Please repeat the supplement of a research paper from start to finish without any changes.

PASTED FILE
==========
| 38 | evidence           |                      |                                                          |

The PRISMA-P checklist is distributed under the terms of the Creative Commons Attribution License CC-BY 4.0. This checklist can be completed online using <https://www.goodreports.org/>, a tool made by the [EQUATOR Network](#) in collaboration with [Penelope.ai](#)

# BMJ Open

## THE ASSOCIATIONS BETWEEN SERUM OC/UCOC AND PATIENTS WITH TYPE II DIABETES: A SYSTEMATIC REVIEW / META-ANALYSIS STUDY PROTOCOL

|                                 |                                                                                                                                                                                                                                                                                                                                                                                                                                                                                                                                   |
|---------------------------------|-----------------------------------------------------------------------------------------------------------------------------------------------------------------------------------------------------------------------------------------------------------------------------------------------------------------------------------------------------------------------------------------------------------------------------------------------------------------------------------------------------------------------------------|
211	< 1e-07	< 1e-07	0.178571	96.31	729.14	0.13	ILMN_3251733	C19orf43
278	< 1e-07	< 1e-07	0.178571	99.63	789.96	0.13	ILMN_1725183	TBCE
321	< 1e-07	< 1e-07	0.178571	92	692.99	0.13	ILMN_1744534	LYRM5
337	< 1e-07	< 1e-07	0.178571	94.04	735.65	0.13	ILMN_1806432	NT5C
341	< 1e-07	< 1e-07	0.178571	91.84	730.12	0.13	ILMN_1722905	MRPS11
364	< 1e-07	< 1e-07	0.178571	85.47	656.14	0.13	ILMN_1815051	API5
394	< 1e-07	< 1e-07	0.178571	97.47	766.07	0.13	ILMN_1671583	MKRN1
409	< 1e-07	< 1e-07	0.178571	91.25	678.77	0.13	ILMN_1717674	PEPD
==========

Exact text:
| 38 | evidence           |                      |                                                          |

The PRISMA-P checklist is distributed under the terms of the Creative Commons Attribution License CC-BY 4.0. This checklist can be completed online using <https://www.goodreports.org/>, a tool made by the [EQUATOR Network](#) in collaboration with [Penelope.ai](#)

# BMJ Open

## THE ASSOCIATIONS BETWEEN SERUM OC/UCOC AND PATIENTS WITH TYPE II DIABETES: A SYSTEMATIC REVIEW / META-ANALYSIS STUDY PROTOCOL

|                                 |                                                                                                                                                                                                                                                                                                                                                                                                                                                                                                                                   |
|---------------------------------|-----------------------------------------------------------------------------------------------------------------------------------------------------------------------------------------------------------------------------------------------------------------------------------------------------------------------------------------------------------------------------------------------------------------------------------------------------------------------------------------------------------------------------------|
211	< 1e-07	< 1e-07	0.178571	96.31	729.14	0.13	ILMN_3251733	C19orf43
278	< 1e-07	< 1e-07	0.178571	99.63	789.96	0.13	ILMN_1725183	TBCE
321	< 1e-07	< 1e-07	0.178571	92	692.99	0.13	ILMN_1744534	LYRM5
337	< 1e-07	< 1e-07	0.178571	94.04	735.65	0.13	ILMN_1806432	NT5C
341	< 1e-07	< 1e-07	0.178571	91.84	730.12	0.13	ILMN_1722905	MRPS11
364	< 1e-07	< 1e-07	0.178571	85.47	656.14	0.13	ILMN_1815051	API5
394	< 1e-07	< 1e-07	0.178571	97.47	766.07	0.13	ILMN_1671583	MKRN1
409	< 1e-07	< 1e-07	0.178571	91.25	678.77	0.13	ILMN_1717674	PEPD